Chai: Of course. I’m not a climber! I had no idea what anyone was talking about. There’s an authenticity to the climbing in the film, which was important to us, but we still explore emotional themes at the same time. The story of Meru is a story of mentorship. Conrad only found this climb through a very special mentorship, and he then shared it with Renan and Jimmy. The stories are so intertwined.

Is it kind of neat to have this amazing experience documented in a way that allows you to reflect and dissect it from a new perspective?
Conrad: I’ve seen the film seven times, and there’s always something new that appeals to me or helps me understand a little better.

There’s a nice little moment when you’re teaching your nephew how to climb, Jimmy. Do you like teaching people like that?
Jimmy: I like when people get excited about anything, really. I like when they show excitement toward an activity. It’s infections and it’s fun. Me and Chai have a daughter, Marina, and Chai says I’m not allowed to take her climbing.

Chai: She’s not going to watch the movie until she’s ready to fight for our country! [laughs] Or until she’s ready to drink.

Conrad: The best female rock climber right now is in the 8th grade.

Conrad: It’s like gymnastics. The best performers are at that age. There’s a weight to strength ratio. She’s climbing on really small, delicate holds. It’s bolt protected, so risk isn’t a part of it. Imagine climbing is a big tree. Each branch has a different aspect of it, but the commonality is gravity. What we’re doing is Himalayan big wall climbing, so there’s a lot of risk involved. But when it gets too difficult, we put a little nylon ladder down and we inch our way up. A free climber just uses the edges of the mountain. That’s what that girl, Ashima Shiraishi, is doing, climbing at that level of difficulty. So Marina could be right in there!

Chai: No way. [laughs]

I always thought I was too short to be doing stuff like that.
Jimmy: No, no. Ashima is way shorter than me and she climbs way harder than I ever will.

Conrad: Climbing is the most level playing field, gender-wise. The first person to free-climb The Nose at El Capitan was Lynn Hill.

Jimmy: She’s 5’2!

Conrad: I’m 6’2, and height is a disadvantage on certain kinds of climbs. Don’t let your perception fool you. Go to the rock climbing gym and give it a shot and you’ll be psyched. It’s way better than lifting weights because there’s that human aspect. You’re trusting me with your life and I’m trusting you with mine. That’s the beauty of the sport. We’re a team. The adversity is the cliff, the gravity, the weather, the mountain. It’s not three other human beings we have to climb against or keep a ball away from.

What’s the biggest misconception about climbing?
Jimmy: Probably what we just mentioned. The gender thing, that you have to have big muscles or be tall.

Conrad: That we’re thrill seekers and have a death wish. It’s not the case.

Jimmy: There is that misperception that we’re crazy, risk-taking people. Climbing is hyper calculated.

I think a common reaction people may have to this film is that they can’t imagine why you’d do this stuff. Some people may consider you a little crazy for putting your lives at risk like that.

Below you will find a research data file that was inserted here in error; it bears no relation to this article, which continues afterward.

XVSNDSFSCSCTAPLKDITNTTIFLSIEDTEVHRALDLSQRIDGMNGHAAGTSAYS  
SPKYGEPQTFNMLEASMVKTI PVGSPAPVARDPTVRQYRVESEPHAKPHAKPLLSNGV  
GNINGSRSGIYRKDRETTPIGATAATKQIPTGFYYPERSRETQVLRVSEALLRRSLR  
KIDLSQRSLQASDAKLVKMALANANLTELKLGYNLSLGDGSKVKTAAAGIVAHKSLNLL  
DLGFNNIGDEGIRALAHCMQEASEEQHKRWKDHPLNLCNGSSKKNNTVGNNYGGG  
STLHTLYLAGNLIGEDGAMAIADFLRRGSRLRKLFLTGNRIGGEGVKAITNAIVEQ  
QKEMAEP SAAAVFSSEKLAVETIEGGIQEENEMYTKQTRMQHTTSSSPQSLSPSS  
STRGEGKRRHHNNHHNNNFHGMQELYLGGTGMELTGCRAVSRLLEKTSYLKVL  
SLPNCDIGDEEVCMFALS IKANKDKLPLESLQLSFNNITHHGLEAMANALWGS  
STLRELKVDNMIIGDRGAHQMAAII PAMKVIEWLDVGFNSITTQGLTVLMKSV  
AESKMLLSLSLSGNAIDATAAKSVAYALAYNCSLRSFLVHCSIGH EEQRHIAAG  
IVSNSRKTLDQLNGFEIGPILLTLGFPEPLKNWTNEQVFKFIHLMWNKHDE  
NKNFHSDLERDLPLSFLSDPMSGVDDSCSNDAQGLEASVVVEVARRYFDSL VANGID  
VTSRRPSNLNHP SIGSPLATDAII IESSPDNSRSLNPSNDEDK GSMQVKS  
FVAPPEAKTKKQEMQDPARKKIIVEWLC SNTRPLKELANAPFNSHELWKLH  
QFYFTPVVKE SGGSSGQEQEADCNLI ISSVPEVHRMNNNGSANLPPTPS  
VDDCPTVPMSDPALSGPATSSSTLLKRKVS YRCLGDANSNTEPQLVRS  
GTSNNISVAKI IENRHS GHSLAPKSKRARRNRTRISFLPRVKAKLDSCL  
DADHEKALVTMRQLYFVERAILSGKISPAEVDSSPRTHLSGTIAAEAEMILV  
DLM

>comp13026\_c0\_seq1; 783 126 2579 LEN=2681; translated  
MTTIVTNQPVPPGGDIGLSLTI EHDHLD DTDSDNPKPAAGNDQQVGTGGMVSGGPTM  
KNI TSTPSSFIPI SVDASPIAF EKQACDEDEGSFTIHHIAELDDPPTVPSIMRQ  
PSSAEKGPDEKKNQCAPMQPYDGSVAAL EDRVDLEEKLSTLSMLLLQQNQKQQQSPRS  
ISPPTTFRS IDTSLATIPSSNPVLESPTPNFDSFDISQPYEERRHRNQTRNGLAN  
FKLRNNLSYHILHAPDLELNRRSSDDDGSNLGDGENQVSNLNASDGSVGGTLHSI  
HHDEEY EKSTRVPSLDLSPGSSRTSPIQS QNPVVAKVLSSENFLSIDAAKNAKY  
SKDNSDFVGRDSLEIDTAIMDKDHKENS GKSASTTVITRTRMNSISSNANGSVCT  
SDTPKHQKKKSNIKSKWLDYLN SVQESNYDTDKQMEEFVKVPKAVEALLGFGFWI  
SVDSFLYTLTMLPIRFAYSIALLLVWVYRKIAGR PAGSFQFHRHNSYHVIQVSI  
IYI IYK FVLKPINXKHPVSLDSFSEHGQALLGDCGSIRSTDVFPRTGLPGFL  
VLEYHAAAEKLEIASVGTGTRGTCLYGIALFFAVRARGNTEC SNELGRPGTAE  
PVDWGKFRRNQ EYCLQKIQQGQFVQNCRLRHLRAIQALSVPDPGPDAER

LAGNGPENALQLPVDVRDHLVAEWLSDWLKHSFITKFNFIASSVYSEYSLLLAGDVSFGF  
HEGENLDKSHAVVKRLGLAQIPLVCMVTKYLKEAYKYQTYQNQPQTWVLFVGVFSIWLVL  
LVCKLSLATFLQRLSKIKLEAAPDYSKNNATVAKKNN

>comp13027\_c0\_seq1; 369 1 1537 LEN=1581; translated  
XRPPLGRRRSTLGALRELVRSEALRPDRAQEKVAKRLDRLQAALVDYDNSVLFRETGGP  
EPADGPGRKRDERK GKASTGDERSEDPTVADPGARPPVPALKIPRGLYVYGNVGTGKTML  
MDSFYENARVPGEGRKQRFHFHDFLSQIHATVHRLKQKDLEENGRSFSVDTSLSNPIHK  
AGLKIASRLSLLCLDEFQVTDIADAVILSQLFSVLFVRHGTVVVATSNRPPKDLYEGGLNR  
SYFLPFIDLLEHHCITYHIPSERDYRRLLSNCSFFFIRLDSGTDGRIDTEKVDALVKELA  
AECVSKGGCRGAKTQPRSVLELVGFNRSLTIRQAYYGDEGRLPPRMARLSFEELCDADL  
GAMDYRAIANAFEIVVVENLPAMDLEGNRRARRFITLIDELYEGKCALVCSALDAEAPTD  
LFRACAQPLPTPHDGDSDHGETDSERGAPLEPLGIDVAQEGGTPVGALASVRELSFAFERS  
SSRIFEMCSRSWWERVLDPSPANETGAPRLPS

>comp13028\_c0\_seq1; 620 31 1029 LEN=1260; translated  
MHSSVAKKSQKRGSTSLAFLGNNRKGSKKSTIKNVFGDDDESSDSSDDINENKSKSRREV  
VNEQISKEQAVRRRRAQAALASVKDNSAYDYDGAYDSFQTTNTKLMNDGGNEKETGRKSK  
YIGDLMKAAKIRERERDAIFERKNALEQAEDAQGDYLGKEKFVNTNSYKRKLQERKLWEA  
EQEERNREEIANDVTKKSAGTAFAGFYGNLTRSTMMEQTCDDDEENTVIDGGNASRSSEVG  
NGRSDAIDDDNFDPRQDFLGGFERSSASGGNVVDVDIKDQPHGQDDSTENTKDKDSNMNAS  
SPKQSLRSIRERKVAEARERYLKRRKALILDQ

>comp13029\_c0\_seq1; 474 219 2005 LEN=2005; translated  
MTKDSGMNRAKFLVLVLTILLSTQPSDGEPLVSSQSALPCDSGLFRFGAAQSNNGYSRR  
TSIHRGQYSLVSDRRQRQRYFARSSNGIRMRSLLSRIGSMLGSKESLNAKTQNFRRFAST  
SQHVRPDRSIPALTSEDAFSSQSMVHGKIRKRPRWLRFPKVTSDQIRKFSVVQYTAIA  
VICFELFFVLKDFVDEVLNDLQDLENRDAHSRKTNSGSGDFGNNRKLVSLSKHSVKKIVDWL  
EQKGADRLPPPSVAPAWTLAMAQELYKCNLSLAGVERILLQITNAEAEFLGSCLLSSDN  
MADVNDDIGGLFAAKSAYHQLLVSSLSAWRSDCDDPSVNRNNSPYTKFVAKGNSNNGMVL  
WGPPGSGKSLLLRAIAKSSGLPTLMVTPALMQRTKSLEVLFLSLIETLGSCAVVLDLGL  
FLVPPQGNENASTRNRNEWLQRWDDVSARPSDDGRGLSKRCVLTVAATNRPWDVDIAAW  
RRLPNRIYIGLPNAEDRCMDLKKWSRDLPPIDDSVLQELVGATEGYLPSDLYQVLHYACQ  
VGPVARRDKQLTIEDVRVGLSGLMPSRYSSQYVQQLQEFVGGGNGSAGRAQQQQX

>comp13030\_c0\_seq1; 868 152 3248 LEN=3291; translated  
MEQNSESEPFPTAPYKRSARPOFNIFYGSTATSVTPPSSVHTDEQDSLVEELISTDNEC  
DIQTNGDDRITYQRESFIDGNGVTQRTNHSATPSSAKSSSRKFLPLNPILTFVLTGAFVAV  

Chai: I think there’s an argument to be made for that. It’s very sophisticated decision-making these guys are doing, but they are risking an awful lot.

Jimmy: The consequences are very real. A goal of ours was to give people a visceral experience of what it’s like to do a climb like that. We’re showing the audience why climbing a mountain is absolutely horrific and miserable and the last thing you’d want to do. But somewhere in the film, if there’s one moment where you might think, “I kind of get it. I see why they would do it.” Did you have a moment like that?

Yeah. It’s when Conrad is sitting by Renan’s bed after he’s badly injured. I understood then that the bond between them is so strong and beautiful that it’d make climbing a mountain worthwhile.
Chai: I love Conrad in that scene.

Right. I think the camaraderie you guys develop and share is something I envy. What have other people said when you ask them that question?
Jimmy: They say different things depending on their interpretation of my question. We kind of set it up for that moment after the portaledge breaks. We’re like, “You know what? We fixed the portaledge; let’s keep climbing.” There’s this montage of us tinkering away and doing our thing. There are moments when you have fun and you’re in awe of where you are. One of the original reasons I started climbing mountains was to be in beautiful places. You get to these incredible locations where you know no one else has been there before. It’s exciting.

What’s going through your head when you do have a second to just take a breath and take a mental picture?
Jimmy: That I should really savor this moment. I’ve been through enough trips where I know when it’s a powerful moment, and there aren’t very many like it.

Conrad: At that moment, you can’t take it in quick enough. It’s so amazing. To be in that location, high up on the peak, looking over everything…you feel like you’re on earth rather than being in a building in a city or something like that. It’s almost like you can feel the earth orbiting.

Jimmy: I’ve equated it to what I imagine it feels like to be in outer space. You feel overwhelmed.

Conrad: It’s an inhospitable environment. Humans aren’t meant to survive there. Unless we bring our tools and our food, we die.

Jimmy: You’re hyper-conscious that you’re in a completely ridiculous place for a human being to be. [laughs] Then there’s the idea where you’re in a space where you can actually enjoy it—there’s an absurdity to it.